Oh, Christmas Eve! The glorious day of the year when everyone (kids and adults alike) is pregnant with anticipation and excitement about the D-day: Christmas! The urge to write “C-Day” was strong, but I thought against it – cheap laughs and all.
What make this day particularly exciting are the traditions: families and communities have different rituals that joyously usher in the 25th of December - whether it’s opening a present or attending public concerts.
In the same celebratory spirit, here’s a look at some Christmas Eve traditions across the globe.
- Vegetarian Leftovers for Ghosts – Bulgaria
This Bulgarian tradition involves a bit of oddities. First, you invite an odd number of people to a vegetarian dinner (which is supposed to signify abundance in the coming year), and your guests are treated to an odd number of dishes. The remnants of dinner are then left on the table so that the ghosts of ancestors can have their own share and participate in the feast before Christmas.
- “Peek-a-Broom” - Norway
In an effort to ward off witches and their trickery, Norwegians hide all brooms in sight on Christmas Eve – since that’s their mode of transportation. Well, it’s safe to say that no one is doing any sweeping of sorts – vacuuming maybe?
Come One, Come All!
- Roller Skating – Caracas, Venezuela
The capital city of Caracas is filled with roller skaters (young and old) who on Christmas Eve skate all night long, well into the wee-hours, and sometimes right into early morning mass on Christmas Day.
- "Joulusauna" – Finland
Talk about putting the “relax” in “relaxation” - the Finns are one for enjoyment. On Christmas Eve, millions of saunas are heated throughout the land for the citizens to enjoy. Wooden cabins, snow outside and the laughter of close friends – what’s better than that?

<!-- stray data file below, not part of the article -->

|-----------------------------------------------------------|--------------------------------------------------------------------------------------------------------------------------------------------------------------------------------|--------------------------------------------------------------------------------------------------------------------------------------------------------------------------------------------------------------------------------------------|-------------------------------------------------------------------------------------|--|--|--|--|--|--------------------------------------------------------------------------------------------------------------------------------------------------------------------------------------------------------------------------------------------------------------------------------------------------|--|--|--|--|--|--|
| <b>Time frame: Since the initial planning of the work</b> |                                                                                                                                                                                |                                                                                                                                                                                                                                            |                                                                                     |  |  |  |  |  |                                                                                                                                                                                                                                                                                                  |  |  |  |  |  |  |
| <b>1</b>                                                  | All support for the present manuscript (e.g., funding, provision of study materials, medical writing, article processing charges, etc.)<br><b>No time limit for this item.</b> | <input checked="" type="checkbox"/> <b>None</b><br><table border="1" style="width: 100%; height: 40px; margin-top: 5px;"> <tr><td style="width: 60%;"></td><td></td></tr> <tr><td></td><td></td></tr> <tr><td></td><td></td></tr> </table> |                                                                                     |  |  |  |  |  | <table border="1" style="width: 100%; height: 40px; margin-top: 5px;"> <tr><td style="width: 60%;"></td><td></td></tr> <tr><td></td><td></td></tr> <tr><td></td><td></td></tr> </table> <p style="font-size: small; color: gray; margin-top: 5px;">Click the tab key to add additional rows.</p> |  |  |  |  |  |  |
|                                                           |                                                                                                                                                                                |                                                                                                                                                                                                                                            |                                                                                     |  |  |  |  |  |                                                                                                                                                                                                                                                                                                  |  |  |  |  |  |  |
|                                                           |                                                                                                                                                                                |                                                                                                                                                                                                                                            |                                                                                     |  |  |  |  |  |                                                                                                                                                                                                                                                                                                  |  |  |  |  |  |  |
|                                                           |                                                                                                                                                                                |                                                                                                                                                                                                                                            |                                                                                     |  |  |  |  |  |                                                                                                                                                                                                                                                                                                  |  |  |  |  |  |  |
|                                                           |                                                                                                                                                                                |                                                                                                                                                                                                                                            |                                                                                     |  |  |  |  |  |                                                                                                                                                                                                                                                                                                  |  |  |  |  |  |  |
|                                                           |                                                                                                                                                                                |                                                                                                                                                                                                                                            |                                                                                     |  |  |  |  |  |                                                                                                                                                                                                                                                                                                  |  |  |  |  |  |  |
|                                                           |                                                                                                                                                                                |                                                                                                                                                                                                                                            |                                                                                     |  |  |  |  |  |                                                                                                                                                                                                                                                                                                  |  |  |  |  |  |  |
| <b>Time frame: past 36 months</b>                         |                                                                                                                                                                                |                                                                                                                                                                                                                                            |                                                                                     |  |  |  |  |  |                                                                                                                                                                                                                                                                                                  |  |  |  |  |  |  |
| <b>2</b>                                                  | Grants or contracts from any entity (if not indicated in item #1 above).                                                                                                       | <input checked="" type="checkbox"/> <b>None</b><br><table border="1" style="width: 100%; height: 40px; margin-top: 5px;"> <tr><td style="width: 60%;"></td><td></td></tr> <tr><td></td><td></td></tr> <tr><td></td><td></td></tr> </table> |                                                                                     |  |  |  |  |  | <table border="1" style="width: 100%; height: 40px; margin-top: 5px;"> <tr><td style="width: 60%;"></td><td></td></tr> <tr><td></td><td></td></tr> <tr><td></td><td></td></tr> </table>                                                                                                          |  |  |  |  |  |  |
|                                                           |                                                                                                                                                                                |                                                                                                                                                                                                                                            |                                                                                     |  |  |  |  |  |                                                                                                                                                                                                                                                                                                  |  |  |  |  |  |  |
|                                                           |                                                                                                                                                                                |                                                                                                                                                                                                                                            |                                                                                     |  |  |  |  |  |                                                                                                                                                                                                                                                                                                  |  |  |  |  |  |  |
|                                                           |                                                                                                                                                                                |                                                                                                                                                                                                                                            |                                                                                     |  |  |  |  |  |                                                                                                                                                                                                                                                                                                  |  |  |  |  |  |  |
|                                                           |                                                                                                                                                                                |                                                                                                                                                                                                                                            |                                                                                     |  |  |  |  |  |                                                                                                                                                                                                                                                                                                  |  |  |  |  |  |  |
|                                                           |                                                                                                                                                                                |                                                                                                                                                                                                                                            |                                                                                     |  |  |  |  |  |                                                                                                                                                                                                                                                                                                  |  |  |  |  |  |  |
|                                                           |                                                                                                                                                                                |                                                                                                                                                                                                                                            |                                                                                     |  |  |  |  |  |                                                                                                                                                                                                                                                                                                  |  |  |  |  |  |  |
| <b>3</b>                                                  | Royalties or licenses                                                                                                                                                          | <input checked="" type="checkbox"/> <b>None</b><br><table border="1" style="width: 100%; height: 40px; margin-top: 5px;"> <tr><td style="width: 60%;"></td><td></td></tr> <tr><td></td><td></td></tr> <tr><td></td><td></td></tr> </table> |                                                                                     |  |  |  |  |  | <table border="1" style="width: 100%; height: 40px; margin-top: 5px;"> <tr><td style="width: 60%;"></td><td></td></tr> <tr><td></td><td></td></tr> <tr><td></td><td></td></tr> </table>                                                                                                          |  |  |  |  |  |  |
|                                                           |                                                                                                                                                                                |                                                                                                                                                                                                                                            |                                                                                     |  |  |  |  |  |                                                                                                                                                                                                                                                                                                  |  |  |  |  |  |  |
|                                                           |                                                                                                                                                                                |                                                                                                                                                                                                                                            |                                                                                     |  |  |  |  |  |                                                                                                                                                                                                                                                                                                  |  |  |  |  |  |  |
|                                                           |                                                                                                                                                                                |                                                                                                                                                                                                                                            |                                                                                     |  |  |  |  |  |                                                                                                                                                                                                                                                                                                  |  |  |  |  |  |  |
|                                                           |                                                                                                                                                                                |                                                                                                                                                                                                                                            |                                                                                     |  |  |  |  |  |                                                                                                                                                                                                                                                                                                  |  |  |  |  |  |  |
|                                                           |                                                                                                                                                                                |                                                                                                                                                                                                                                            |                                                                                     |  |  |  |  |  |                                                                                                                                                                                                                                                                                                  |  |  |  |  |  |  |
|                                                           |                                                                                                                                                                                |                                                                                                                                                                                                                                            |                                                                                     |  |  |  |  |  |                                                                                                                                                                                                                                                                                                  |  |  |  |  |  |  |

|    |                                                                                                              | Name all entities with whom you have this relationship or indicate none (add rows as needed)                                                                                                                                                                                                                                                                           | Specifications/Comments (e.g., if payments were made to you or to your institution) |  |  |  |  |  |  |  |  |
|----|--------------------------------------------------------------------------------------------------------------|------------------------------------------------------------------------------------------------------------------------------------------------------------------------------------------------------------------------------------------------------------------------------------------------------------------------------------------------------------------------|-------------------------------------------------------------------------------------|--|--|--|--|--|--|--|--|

Spreading Joy Not War
- “Christmas Cake for Christmas Eve” – Japan
Typically, you carve a “Christmas bird” on “Christmas Day”, right? Well, in Japan, you cut a “Christmas Cake” on “Christmas Eve”. This interesting Japanese tradition of enjoying the spoils of a sponge cake on the 24th is rooted in a time, after World War II when “sweet treats” were both a luxury and a form of sustenance, influenced by the American soldiers working on rebuilding an occupied Japan.
- “The Book Flood Before Christmas” – Reykjavík, Iceland
Icelanders take a more literary approach to the festivities. As part of a tradition that dates back to World War II, Icelanders exchange books during what is called the “The Book Flood Before Christmas”, or “Jólabokaflód” – which is the official term. Months leading up to Christmas, books of every kind are published in copious amounts to meet this demand.
Aside: If you ever wondered where Christmas books come from, this five-minute video should answer your question.
Santa’s Trail Blazers
- “Luminarias” - Albuqerque, New Mexico (USA)
A 300 year old tradition still going strong in New Mexico, locals illuminate the city’s walkways, churches and homes with glowing brown bags – anchored with sand and a single candle – as a well lit runway for Santa Claus.
The result is a beautifully decorated maze; check this video out!
- Bonfires on the Mississippi River – Baton Rogue, Louisiana
The Mississippi river is typically brought to life with the burning flames of a bonfire, which is both meant to pay homage to the river’s heritage, and also, brighten the way for Père Noel’s (Santa Claus’) flying sleigh and eight reindeer, so he can find the homes of the good boys and girls.
And there is it, a keyhole view into international Christmas Eve culture, and a quick trip around the world all at the same time. Hopefully, you can incorporate some of these eclectic rituals into your own festivities to make it genuinely memorable.
Have a superb Christmas Eve!